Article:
Artificial intelligence recognizes heart disease by the sound of the voice

AI from a Berlin start-up is used for this purpose

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Researchers at Charité's German heart Center and the Mayo Clinic in the USA are conducting a new study to find out how patients with advanced heart failure can be monitored telemedically using the sound of their voice. artificial intelligence from a Berlin start-up is being used for this.

"Once upon a time, the north wind and the sun were arguing about which of them was the stronger, when a wanderer, wrapped in a warm cloak, came along the path..." So begins a tale attributed to the ancient Greek poet Aesop. Horst S. from Berlin says it out loud into a microphone twice a day. However, not because he is enthusiastic about ancient fables - but because the sound of his voice is supposed to tell his doctors how his heart is doing.

The 88-year-old pensioner suffers from severe heart failure and is one of the first participants in a study that aims to provide scientists with new insights into the application and effectiveness of voice analysis using artificial intelligence in the treatment of chronic heart failure. It is being conducted at Charité's German Heart Center and the US Mayo Clinic under the title: "AI-Based Voice Analysis for Monitoring Patients Hospitalized with Acute Decompensated Heart Failure", or "VAMP-HF" for short.

Artificial intelligence for close monitoring of heart disease

In the first phase of the study, 25 patients suffering from advanced heart failure with "hydropic decompensation" will be included in each of the cardiology wards: Due to the severely reduced pumping function of the heart, not enough fluid can be transported from the tissue to the excretory organs, leading to fluid accumulation in the body and, as a result, to a further, often life-threatening deterioration in the general condition of the affected patients - particularly due to water in the lungs.

In addition to medication to strengthen the heart, the treatment of hydropic decompensation also includes diuretics, i.e. medication to improve the excretion of fluid. Cardiologists now need to closely monitor the effectiveness of the therapy and adjust it as quickly as possible if the desired results are not achieved.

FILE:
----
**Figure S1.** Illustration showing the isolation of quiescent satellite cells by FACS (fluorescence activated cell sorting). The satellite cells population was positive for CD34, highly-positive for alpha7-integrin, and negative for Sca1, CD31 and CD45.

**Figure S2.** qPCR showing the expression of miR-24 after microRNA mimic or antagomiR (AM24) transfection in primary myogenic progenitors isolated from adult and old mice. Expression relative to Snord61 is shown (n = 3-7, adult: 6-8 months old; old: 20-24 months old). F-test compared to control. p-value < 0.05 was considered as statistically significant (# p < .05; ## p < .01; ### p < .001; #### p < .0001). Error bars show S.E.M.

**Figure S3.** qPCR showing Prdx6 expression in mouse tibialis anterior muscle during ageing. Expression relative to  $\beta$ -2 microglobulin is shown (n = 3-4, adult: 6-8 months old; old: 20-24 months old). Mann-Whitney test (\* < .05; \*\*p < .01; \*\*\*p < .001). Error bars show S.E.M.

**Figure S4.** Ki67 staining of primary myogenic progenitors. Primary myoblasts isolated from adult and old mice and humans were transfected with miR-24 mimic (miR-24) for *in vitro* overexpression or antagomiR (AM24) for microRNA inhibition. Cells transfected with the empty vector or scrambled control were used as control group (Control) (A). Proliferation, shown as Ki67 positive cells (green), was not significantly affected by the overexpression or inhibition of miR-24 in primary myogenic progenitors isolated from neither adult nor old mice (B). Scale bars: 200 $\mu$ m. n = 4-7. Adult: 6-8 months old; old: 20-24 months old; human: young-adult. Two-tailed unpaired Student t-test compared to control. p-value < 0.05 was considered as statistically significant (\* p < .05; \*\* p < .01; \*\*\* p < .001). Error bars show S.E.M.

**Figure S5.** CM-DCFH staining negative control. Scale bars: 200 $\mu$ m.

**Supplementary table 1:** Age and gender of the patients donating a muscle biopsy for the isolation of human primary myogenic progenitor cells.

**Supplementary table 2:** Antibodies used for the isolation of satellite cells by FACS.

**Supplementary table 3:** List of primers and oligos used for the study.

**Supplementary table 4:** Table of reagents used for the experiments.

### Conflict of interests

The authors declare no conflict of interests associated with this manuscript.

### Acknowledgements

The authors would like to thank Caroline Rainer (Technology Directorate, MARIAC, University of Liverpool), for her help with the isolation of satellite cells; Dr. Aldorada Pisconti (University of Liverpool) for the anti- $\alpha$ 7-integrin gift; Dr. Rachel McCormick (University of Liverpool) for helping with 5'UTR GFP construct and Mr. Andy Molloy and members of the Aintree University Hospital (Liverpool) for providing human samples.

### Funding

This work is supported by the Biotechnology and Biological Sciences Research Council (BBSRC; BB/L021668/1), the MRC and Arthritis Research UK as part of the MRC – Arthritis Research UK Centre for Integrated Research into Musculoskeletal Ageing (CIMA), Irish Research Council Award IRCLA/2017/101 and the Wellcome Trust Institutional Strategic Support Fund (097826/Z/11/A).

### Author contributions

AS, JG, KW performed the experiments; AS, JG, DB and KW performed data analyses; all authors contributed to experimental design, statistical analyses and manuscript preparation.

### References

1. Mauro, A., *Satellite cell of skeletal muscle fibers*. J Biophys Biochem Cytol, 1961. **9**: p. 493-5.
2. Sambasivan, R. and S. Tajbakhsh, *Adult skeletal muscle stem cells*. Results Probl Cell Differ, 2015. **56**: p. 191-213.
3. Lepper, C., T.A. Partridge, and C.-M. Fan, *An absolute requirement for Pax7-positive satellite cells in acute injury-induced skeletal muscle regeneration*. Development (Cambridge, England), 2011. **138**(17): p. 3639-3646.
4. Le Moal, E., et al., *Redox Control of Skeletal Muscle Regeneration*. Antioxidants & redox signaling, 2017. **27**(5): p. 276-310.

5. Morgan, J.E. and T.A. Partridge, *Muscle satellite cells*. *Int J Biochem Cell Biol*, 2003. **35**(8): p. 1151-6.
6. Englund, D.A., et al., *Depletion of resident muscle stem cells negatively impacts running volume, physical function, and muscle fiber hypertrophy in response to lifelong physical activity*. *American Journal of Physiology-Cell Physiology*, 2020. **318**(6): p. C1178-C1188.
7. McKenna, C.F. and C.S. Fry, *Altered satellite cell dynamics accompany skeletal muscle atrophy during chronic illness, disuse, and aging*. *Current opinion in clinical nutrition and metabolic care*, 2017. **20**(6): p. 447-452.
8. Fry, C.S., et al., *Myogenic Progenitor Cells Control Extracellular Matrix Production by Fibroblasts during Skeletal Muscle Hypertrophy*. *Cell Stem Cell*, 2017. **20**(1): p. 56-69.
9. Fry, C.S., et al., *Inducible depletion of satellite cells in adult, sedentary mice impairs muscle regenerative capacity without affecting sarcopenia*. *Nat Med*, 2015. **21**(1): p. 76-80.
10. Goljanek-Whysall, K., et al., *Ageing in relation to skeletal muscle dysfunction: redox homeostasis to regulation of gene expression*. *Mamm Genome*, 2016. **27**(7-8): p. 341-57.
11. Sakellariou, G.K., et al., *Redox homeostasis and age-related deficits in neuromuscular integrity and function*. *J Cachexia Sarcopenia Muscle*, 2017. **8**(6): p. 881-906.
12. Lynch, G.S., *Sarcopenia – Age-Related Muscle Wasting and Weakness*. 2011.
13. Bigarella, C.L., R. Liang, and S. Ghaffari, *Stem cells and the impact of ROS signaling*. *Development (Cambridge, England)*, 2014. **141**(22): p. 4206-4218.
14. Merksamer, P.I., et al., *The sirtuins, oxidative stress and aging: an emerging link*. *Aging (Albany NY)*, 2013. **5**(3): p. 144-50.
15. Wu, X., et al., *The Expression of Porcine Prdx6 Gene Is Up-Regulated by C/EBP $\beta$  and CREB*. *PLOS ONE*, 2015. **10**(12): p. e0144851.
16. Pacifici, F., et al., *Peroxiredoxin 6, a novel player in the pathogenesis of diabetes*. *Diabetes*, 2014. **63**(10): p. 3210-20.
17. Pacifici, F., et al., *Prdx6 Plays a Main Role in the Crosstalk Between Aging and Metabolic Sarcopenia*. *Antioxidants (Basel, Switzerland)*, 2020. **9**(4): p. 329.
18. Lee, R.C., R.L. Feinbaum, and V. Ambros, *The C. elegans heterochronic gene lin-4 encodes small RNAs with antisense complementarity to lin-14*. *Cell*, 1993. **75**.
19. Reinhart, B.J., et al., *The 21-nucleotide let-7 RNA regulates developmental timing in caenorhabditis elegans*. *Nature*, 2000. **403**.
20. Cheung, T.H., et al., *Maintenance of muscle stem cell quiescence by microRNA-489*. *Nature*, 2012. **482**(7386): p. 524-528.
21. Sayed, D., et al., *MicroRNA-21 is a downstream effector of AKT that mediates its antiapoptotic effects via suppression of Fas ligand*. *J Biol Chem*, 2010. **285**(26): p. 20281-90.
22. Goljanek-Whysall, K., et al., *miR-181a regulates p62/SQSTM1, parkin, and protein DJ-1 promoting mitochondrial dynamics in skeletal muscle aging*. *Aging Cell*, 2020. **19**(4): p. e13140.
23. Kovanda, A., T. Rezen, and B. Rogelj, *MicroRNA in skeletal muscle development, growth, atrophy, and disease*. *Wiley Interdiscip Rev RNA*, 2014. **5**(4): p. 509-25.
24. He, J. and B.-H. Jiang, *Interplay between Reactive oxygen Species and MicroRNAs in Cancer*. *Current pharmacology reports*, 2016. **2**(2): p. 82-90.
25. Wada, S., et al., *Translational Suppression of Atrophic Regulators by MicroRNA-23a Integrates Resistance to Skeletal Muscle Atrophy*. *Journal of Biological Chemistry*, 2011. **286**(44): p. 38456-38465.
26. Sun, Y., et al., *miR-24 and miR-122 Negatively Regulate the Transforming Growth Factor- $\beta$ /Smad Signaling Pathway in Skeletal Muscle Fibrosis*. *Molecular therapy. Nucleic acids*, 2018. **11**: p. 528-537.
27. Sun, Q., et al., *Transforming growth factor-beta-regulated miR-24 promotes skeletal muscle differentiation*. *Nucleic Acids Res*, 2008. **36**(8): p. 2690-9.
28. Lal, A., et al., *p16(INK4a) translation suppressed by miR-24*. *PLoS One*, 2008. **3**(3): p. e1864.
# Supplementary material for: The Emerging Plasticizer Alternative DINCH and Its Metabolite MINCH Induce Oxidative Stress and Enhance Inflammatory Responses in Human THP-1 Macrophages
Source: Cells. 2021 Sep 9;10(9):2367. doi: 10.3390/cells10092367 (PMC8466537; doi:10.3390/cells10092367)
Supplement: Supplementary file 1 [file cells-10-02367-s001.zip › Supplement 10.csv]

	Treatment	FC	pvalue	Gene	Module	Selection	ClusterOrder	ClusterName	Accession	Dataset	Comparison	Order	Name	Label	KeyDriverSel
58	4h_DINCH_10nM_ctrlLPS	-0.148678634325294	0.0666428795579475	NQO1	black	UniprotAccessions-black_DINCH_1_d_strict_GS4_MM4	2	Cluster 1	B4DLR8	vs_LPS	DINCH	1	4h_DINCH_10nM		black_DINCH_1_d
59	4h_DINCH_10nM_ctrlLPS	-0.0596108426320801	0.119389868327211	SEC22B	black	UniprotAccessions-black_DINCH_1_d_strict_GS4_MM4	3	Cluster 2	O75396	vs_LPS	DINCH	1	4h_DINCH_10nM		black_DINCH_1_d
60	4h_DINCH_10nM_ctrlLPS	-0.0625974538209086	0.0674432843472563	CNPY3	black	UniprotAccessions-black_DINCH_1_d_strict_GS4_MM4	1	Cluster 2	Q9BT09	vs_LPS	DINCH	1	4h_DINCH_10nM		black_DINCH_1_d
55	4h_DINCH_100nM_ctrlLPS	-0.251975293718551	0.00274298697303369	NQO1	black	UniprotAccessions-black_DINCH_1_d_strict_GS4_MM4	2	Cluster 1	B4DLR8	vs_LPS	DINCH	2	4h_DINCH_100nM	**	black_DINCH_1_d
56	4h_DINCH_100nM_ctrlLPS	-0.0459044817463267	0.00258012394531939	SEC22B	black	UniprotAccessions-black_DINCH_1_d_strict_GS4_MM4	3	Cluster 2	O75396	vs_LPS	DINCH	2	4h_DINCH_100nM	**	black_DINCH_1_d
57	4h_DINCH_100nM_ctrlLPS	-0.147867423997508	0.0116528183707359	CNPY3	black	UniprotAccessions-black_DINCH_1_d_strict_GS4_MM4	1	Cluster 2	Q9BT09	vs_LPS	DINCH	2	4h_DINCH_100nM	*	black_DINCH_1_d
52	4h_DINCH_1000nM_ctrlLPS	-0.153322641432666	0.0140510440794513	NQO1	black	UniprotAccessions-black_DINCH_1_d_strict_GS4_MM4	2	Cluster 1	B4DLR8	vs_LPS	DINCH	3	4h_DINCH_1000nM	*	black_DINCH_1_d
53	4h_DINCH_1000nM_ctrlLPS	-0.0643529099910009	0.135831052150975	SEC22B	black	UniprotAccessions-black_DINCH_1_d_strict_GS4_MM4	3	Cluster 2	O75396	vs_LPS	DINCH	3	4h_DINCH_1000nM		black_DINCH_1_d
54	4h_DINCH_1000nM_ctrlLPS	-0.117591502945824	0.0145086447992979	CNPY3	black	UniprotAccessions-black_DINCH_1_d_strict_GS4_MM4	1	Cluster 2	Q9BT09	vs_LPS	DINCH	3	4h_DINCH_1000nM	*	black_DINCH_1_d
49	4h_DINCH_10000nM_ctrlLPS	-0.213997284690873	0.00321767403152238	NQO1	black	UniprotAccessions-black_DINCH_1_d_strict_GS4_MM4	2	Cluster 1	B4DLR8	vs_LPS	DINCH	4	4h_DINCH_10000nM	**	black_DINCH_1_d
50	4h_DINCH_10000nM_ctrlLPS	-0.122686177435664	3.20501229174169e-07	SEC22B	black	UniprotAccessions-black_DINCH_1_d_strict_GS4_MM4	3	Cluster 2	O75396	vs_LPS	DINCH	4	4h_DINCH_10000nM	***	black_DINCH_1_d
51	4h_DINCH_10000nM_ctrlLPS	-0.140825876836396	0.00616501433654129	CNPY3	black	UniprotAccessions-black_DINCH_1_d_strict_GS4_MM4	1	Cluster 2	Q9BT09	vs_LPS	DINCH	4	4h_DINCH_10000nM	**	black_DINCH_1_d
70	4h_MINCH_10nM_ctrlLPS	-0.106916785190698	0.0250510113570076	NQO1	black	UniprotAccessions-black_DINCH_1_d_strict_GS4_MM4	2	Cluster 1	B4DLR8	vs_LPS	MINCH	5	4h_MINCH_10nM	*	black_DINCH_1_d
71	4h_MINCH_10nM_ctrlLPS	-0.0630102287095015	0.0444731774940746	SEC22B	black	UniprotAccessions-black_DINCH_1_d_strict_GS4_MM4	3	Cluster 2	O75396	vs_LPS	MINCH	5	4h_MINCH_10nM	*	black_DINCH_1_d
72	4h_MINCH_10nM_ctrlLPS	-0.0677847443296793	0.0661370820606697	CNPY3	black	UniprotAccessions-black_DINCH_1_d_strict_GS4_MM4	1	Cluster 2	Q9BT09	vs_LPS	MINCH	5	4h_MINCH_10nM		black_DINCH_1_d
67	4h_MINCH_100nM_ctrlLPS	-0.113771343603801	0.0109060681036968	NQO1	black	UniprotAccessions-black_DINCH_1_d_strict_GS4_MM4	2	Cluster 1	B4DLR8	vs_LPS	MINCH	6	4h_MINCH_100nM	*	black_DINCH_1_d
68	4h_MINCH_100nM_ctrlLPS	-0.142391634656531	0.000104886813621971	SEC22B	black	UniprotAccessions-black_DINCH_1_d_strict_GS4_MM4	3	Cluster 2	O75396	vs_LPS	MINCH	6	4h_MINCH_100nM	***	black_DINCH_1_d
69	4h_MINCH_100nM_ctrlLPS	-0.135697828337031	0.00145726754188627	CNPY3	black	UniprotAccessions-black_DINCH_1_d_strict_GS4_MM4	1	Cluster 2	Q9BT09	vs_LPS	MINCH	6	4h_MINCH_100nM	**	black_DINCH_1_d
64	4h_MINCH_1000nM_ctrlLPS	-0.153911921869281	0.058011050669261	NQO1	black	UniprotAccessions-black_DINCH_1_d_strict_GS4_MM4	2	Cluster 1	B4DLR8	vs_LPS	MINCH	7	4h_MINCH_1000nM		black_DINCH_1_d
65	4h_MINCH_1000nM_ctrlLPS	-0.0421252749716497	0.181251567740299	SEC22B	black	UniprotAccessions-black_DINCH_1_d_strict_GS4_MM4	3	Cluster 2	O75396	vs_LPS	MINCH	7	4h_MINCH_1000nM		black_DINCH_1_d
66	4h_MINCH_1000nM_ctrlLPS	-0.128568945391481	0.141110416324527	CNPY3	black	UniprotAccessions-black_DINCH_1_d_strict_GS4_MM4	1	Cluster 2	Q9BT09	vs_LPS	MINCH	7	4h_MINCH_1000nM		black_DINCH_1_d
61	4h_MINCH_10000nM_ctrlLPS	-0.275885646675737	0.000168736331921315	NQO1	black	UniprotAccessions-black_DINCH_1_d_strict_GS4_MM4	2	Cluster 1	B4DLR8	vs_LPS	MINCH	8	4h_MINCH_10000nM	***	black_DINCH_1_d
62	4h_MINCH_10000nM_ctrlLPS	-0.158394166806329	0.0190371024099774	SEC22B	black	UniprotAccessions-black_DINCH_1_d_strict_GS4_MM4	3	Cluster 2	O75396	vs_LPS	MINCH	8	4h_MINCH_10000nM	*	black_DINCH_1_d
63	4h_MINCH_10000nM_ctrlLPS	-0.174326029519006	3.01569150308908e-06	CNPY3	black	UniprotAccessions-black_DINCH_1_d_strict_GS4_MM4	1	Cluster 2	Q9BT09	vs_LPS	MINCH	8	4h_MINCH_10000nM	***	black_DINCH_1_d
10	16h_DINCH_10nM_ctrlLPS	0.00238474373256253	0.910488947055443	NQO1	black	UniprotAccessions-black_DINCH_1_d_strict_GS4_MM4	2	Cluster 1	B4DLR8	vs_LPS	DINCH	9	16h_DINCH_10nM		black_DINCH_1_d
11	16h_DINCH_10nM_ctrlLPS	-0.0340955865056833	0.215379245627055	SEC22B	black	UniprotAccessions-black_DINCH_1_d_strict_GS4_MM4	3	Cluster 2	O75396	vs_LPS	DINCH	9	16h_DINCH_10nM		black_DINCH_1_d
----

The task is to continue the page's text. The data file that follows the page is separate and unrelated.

The human voice could play an important role "as an early warning system" in the future, says PD Dr. Felix Hohendanner, senior physician at Charité's German Heart Center and clinical director of the VAMP-HF study, because: "More fluid in the body leads to a change in the propagation of sound waves and thus also to a change in the voice, which is usually not audible to the human ear but can still be measured."

Artificial intelligence predicts treatment success

Software from the Berlin start-up Noah Labs, which specializes in the development and application of artificial intelligence (AI) in the voice-based diagnosis of heart disease and has entered into a strategic partnership with the German Heart Institute Berlin Foundation, will be used.

The Noah Labs AI analyzes hundreds of parameters in the test subjects' voice samples and detects even the smallest changes. In comparison with the amount of fluid excreted by the heart failure patients, the AI now "learns" to predict the effectiveness of the treatment - so that doctors can take countermeasures even before symptoms occur.

Uncomplicated and safe to perform

In comparison to some other measurement methods, voice testing has many advantages for independent performance at home, says Felix Hohendanner: "It is painless, quick and uncomplicated, has hardly any sources of error and requires no technical aids other than a recording device such as a smartphone." In future, voice samples will even be transmitted with a simple phone call.

In addition, the method of AI-based telemedical voice evaluation can also be used for various other cardiovascular diseases, says the cardiologist: "We are only at the beginning of a promising development here."

Note: This article has been translated using a computer system without human intervention. LUMITOS offers these automatic translations to present a wider range of current news. Since this article has been translated with automatic translation, it is possible that it contains errors in vocabulary, syntax or grammar. The original article in German can be found here.

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